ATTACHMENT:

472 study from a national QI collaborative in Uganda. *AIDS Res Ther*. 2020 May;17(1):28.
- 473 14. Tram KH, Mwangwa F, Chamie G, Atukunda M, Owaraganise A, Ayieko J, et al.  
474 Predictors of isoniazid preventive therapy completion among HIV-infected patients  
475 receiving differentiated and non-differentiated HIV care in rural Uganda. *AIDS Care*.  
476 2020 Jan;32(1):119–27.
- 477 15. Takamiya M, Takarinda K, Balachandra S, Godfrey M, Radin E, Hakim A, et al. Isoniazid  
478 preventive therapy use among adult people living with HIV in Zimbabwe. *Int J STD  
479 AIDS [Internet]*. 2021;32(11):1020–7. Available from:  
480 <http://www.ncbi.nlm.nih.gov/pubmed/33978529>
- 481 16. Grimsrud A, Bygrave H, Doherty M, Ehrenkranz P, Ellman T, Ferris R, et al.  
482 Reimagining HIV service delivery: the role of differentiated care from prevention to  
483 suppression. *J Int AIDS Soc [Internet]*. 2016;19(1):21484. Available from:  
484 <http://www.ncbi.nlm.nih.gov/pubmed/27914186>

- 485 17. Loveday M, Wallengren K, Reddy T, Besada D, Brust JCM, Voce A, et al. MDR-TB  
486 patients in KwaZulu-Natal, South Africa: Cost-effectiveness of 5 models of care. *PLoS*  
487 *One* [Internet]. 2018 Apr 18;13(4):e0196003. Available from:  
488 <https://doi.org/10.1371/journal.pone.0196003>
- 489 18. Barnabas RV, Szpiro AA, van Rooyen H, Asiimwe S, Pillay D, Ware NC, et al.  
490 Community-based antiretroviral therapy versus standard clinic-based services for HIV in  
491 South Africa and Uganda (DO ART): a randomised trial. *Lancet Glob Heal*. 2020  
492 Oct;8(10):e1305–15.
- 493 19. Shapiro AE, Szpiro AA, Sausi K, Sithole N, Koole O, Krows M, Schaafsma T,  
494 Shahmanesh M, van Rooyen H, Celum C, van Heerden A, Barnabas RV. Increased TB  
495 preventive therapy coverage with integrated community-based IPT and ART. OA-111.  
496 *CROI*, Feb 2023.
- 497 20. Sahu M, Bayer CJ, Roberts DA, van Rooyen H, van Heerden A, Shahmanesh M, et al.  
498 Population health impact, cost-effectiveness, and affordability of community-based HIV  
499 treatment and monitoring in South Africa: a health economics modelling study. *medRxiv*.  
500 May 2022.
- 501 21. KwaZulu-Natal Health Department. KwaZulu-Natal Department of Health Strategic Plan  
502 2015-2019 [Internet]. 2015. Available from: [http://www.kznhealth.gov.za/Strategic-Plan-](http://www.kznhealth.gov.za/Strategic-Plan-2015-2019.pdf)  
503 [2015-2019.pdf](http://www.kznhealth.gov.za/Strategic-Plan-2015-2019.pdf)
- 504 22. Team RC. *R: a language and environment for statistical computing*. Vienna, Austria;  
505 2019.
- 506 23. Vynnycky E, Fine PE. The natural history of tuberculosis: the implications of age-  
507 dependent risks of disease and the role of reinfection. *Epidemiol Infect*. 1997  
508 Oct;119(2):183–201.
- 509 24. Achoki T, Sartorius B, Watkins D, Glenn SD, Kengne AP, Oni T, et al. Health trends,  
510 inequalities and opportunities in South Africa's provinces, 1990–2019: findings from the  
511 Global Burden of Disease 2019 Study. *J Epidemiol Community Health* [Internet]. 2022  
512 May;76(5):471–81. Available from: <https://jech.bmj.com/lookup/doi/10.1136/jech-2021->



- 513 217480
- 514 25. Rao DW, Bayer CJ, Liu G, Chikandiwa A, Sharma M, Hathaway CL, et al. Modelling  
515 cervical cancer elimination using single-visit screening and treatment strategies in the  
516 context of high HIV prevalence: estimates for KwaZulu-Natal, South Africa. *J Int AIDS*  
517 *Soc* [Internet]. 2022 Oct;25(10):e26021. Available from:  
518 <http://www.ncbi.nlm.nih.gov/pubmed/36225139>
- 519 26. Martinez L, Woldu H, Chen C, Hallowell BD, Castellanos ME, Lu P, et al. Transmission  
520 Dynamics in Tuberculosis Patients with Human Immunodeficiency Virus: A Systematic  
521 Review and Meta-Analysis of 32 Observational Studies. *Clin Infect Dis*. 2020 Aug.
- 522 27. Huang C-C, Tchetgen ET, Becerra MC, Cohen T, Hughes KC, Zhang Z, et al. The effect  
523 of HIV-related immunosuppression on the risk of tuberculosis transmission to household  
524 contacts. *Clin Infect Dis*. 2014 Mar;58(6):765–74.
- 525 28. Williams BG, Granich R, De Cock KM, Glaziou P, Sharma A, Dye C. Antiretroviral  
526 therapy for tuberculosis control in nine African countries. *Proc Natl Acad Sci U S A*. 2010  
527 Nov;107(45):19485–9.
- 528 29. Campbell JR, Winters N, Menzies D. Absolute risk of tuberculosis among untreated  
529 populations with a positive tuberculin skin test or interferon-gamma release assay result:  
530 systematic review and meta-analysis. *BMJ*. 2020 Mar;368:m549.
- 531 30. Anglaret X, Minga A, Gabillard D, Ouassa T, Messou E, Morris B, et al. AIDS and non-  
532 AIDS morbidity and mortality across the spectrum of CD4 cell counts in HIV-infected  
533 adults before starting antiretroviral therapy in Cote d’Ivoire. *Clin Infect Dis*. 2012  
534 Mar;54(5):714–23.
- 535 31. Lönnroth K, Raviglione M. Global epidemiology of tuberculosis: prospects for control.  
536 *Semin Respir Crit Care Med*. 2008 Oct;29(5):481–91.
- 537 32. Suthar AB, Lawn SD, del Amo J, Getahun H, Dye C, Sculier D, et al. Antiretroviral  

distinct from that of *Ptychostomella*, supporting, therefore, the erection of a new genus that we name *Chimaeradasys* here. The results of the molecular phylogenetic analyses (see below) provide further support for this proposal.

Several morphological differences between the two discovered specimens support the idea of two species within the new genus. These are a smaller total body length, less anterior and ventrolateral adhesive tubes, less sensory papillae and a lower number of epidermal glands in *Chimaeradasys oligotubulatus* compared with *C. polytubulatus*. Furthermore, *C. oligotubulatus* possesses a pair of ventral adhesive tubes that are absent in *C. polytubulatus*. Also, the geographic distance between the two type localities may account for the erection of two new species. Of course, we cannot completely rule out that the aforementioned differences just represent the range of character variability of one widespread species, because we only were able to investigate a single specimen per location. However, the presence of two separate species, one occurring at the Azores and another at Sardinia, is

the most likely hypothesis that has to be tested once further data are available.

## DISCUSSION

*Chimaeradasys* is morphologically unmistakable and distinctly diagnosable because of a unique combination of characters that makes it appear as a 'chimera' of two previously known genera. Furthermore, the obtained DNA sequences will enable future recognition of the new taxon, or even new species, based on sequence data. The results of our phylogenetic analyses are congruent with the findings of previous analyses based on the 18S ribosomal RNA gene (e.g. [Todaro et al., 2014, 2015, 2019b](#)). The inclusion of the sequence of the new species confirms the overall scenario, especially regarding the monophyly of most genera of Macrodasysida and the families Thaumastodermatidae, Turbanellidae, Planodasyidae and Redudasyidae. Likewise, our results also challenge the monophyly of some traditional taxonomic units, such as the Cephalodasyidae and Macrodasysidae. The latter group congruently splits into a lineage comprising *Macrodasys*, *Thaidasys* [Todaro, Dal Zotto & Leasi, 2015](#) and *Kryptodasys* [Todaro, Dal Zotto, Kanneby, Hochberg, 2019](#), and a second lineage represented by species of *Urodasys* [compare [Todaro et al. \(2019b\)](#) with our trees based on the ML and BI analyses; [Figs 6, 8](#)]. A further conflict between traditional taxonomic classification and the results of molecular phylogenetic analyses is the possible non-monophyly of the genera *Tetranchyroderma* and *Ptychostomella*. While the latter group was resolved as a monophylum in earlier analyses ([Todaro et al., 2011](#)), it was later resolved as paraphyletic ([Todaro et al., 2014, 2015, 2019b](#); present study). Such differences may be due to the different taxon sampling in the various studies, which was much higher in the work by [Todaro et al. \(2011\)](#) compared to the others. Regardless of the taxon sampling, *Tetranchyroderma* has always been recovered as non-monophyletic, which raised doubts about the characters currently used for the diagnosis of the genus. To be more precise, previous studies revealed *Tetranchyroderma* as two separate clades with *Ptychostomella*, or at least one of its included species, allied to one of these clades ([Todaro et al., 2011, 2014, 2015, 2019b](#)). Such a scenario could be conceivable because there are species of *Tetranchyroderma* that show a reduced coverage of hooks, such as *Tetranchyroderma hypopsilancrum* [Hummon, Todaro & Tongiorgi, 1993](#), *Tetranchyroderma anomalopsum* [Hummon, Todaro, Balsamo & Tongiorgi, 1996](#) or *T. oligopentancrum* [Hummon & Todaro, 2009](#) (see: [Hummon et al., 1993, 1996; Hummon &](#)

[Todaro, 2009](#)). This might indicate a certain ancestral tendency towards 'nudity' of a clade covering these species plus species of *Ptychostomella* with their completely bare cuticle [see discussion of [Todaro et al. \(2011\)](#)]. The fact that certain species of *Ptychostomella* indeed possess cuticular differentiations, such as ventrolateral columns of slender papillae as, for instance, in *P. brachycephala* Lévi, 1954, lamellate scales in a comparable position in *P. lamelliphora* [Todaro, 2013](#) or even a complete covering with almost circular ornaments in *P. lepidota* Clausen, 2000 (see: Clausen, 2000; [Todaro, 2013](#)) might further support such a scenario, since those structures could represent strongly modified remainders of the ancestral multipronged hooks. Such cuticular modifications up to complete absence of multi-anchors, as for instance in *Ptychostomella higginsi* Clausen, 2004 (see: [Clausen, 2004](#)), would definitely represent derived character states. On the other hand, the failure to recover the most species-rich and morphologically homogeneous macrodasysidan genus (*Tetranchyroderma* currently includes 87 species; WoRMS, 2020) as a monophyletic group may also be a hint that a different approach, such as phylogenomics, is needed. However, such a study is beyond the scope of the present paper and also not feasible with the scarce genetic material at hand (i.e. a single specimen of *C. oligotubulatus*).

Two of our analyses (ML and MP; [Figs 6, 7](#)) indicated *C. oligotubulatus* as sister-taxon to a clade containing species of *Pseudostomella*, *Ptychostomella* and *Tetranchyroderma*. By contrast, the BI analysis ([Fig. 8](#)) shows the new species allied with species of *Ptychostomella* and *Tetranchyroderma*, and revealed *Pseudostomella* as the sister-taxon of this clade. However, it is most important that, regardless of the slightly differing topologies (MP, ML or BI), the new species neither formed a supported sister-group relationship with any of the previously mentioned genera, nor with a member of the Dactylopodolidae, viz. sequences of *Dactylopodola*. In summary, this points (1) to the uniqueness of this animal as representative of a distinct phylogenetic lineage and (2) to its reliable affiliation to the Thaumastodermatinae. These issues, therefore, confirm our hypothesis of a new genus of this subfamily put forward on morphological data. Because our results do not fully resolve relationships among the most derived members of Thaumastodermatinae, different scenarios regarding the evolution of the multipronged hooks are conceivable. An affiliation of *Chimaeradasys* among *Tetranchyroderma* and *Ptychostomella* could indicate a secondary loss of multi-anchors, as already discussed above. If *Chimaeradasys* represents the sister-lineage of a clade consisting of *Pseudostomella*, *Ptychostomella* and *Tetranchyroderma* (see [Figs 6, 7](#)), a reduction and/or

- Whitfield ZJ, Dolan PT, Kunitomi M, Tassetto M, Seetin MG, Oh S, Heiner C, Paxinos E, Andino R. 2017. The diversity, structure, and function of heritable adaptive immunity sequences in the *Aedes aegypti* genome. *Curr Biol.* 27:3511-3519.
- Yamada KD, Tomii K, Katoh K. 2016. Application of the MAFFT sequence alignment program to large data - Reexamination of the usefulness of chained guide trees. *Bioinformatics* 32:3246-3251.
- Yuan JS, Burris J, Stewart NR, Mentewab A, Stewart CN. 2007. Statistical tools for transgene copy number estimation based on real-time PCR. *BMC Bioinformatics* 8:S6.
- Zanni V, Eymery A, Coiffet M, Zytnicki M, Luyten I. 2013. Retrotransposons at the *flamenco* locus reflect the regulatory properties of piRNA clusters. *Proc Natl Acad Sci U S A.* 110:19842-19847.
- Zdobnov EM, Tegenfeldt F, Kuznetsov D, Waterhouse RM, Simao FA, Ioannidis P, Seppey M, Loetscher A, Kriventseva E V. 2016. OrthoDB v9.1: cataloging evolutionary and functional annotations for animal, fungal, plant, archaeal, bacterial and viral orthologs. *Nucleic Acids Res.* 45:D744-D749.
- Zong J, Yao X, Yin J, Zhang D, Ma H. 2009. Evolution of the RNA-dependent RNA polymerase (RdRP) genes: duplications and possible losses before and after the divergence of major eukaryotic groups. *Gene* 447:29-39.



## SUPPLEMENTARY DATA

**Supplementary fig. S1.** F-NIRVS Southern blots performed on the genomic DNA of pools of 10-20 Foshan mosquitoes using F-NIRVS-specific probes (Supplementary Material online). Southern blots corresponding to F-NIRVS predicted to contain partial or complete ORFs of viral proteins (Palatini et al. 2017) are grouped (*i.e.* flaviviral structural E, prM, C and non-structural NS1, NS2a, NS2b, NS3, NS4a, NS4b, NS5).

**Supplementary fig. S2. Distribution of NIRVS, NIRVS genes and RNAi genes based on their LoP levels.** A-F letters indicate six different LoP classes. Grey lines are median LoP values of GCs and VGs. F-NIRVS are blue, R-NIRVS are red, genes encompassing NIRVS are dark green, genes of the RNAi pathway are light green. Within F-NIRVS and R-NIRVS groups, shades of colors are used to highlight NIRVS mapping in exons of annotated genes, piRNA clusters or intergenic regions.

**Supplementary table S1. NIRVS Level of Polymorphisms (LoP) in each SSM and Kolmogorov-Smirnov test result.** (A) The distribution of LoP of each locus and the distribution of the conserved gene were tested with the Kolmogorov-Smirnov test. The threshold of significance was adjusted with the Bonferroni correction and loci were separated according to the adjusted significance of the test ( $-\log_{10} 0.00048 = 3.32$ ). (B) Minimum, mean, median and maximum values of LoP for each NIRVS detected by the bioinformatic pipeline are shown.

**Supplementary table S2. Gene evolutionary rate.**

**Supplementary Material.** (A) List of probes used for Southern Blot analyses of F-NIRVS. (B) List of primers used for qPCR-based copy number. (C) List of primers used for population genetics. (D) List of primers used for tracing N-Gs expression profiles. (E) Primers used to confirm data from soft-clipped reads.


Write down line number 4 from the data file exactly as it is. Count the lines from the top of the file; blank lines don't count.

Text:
475 receiving differentiated and non-differentiated HIV care in rural Uganda. *AIDS Care*.  